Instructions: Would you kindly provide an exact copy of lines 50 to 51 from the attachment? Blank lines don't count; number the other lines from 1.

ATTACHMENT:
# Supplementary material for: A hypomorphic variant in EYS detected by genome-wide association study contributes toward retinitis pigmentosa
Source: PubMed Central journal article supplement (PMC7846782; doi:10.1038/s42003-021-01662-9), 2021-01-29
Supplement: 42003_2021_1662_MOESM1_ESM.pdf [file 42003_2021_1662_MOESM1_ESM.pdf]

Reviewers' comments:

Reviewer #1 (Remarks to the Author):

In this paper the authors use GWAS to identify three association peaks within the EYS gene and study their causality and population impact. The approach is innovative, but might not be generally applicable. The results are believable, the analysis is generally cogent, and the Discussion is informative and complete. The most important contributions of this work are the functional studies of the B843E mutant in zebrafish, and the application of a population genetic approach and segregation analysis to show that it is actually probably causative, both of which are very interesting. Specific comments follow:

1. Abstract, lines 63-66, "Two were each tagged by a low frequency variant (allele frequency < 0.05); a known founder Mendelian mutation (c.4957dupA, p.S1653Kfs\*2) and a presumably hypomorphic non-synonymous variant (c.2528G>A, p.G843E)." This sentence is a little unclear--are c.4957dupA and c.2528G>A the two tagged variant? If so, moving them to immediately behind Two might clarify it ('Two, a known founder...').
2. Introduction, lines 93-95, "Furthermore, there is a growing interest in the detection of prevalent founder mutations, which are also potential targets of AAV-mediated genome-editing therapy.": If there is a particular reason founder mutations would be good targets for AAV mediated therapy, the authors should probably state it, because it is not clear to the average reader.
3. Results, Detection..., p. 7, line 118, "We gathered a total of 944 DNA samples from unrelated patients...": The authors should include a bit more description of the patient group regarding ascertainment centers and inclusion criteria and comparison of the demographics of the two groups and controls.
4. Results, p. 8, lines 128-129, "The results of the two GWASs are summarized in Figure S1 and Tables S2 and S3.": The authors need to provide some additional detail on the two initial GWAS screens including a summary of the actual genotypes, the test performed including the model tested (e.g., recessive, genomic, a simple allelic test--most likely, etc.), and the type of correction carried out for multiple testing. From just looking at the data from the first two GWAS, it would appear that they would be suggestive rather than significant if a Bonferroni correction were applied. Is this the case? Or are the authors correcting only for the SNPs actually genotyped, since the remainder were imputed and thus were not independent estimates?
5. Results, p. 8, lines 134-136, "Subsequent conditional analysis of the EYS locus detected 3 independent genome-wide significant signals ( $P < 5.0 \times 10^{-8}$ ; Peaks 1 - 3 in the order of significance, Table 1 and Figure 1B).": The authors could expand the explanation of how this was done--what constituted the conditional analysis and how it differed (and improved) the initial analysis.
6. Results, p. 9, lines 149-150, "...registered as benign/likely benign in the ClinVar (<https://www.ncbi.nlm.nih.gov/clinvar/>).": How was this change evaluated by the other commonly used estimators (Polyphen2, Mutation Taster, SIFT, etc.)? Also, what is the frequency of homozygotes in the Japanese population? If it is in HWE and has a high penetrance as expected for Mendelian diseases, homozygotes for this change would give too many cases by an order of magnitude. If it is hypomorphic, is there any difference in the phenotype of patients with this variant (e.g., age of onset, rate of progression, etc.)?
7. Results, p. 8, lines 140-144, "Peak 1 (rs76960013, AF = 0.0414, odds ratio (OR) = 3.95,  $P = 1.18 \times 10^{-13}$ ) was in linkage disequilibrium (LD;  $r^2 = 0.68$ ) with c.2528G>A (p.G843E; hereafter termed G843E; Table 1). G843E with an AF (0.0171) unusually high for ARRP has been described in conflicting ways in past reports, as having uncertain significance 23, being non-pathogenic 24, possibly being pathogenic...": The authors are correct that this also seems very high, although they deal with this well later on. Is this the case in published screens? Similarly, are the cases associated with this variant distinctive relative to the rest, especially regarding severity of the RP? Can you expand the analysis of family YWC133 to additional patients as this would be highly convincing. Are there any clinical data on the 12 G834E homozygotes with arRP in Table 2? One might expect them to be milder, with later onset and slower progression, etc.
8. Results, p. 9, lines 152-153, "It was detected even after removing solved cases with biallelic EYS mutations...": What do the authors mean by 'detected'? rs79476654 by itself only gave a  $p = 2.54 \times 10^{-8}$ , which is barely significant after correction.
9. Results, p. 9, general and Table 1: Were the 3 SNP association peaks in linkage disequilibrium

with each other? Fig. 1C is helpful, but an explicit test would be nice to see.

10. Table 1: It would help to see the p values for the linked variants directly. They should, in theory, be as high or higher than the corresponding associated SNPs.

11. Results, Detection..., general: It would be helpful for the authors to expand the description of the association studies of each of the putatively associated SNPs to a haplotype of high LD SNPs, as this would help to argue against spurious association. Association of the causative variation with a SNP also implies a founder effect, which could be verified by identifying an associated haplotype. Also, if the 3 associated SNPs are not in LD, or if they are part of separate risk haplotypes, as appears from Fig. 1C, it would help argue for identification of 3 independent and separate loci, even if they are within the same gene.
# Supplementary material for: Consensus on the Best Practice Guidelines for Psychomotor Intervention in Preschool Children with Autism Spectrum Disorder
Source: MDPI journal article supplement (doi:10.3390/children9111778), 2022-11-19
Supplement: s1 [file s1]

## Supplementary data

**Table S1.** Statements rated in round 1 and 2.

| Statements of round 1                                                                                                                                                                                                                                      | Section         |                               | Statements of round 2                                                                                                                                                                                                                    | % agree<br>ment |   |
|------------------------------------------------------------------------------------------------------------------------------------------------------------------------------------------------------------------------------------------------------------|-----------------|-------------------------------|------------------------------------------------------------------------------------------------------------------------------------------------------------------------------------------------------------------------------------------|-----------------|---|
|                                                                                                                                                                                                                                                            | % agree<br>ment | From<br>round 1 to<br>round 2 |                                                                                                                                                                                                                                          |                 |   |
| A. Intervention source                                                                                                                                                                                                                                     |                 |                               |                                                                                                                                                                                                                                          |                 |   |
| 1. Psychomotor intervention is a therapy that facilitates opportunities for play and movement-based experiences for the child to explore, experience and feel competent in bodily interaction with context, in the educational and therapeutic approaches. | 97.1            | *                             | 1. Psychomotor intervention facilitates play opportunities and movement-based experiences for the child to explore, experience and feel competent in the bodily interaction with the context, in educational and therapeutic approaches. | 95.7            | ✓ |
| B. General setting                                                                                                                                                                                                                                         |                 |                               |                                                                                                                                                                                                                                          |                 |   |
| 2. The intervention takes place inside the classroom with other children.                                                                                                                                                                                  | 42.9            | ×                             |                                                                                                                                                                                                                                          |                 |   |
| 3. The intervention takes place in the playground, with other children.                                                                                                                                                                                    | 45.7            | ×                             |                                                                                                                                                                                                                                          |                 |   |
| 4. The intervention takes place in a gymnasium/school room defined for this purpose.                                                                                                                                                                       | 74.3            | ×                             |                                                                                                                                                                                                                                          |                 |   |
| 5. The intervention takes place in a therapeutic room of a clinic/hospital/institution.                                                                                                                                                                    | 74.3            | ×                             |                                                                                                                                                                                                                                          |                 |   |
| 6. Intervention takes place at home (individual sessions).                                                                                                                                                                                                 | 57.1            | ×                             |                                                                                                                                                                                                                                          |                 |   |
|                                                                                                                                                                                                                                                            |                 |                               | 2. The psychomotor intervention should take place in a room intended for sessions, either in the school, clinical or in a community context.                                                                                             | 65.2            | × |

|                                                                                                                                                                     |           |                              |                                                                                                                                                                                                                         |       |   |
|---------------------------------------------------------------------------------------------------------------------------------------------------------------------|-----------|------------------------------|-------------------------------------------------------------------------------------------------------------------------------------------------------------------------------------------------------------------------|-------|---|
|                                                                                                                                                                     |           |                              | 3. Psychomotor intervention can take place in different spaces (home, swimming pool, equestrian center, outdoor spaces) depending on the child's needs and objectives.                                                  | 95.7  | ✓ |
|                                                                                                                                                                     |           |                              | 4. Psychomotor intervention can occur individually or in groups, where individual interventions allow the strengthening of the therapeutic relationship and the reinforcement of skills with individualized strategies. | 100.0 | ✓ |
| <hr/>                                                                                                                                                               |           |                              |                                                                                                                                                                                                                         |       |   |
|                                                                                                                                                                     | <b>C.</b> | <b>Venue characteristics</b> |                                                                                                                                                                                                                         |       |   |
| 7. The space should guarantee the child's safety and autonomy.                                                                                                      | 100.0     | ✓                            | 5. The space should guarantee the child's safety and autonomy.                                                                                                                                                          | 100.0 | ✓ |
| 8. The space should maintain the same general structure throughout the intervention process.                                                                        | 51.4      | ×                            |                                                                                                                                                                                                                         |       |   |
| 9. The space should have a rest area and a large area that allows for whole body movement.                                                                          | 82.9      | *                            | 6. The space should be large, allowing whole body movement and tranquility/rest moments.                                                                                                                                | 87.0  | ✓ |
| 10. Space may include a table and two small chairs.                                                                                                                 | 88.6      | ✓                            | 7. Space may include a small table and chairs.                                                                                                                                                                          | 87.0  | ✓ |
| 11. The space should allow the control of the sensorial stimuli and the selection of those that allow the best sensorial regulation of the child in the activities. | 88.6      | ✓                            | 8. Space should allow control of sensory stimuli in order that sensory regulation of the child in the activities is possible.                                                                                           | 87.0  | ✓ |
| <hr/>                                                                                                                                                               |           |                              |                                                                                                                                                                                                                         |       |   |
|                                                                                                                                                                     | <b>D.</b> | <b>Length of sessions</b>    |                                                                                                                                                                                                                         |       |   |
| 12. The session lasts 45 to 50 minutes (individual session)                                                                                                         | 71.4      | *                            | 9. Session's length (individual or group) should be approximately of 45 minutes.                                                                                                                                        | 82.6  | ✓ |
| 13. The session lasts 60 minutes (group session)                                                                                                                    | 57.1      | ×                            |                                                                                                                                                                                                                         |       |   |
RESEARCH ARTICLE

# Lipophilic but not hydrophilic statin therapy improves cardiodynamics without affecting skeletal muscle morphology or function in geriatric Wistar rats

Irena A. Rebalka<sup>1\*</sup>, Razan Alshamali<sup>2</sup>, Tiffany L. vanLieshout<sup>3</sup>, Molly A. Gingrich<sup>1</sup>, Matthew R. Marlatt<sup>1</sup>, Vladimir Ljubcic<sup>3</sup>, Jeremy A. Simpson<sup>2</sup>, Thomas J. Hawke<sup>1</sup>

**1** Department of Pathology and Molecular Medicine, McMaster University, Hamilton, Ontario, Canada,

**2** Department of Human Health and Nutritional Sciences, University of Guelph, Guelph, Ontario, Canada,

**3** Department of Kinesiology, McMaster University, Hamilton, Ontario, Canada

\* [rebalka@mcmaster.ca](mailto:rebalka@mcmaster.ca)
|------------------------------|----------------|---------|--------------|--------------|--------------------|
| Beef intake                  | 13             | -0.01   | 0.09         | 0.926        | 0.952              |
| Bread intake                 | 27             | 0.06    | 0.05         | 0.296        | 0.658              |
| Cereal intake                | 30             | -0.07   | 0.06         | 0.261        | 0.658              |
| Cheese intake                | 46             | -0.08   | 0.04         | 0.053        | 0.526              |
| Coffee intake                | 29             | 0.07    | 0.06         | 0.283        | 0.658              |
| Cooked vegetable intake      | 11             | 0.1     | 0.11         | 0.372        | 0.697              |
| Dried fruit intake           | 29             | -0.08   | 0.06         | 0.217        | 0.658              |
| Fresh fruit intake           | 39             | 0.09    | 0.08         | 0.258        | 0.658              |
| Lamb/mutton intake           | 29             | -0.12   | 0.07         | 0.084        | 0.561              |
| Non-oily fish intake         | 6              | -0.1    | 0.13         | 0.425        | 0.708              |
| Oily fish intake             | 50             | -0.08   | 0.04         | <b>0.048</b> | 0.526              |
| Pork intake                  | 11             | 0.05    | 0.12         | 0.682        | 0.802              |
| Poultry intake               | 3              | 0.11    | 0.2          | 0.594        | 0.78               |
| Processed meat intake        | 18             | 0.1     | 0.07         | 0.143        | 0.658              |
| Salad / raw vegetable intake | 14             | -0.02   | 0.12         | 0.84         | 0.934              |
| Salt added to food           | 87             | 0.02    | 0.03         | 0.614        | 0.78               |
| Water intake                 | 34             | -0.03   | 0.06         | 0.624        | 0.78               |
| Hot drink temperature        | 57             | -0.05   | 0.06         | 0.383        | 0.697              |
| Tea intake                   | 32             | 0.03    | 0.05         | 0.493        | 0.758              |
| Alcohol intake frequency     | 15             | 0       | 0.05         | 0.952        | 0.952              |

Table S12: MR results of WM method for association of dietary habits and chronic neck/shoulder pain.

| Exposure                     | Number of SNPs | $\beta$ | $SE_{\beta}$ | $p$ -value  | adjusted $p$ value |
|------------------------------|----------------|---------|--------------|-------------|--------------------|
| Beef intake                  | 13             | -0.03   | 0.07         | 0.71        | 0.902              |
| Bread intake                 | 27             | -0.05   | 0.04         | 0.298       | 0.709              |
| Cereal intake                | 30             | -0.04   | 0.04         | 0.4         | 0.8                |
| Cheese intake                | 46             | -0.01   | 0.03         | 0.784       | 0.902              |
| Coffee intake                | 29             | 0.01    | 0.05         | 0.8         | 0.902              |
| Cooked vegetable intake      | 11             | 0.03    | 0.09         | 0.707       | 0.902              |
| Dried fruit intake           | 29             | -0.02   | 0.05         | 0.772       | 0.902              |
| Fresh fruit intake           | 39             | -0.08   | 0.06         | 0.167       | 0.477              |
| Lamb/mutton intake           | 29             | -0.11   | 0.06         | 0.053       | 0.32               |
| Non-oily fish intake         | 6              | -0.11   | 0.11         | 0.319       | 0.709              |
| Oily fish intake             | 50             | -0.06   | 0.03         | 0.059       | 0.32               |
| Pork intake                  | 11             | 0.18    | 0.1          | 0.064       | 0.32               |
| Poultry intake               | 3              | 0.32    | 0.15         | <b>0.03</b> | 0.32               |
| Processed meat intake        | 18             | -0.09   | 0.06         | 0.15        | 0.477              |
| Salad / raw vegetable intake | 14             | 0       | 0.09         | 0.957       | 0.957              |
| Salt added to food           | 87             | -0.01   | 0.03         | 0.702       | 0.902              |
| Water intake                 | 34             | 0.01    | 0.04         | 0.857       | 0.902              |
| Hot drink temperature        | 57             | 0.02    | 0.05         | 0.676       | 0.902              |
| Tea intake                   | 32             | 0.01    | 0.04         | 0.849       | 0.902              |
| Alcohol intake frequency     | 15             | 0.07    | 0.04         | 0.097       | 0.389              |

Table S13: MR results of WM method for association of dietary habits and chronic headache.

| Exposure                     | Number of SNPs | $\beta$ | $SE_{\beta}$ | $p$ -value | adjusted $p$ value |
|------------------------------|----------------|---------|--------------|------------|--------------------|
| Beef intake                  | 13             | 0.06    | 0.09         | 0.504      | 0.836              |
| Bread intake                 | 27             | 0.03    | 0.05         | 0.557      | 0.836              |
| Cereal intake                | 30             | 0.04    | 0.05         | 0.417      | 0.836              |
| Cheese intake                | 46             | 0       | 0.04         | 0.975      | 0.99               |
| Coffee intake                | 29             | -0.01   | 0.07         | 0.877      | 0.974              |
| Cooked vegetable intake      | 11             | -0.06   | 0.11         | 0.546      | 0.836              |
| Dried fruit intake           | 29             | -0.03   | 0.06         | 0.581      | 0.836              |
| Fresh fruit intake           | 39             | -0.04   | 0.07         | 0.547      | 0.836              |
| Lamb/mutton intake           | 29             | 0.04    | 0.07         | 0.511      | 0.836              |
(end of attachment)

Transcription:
| 13. The session lasts 60 minutes (group session)                                                                                                                    | 57.1      | ×                            |                                                                                                                                                                                                                         |       |   |
RESEARCH ARTICLE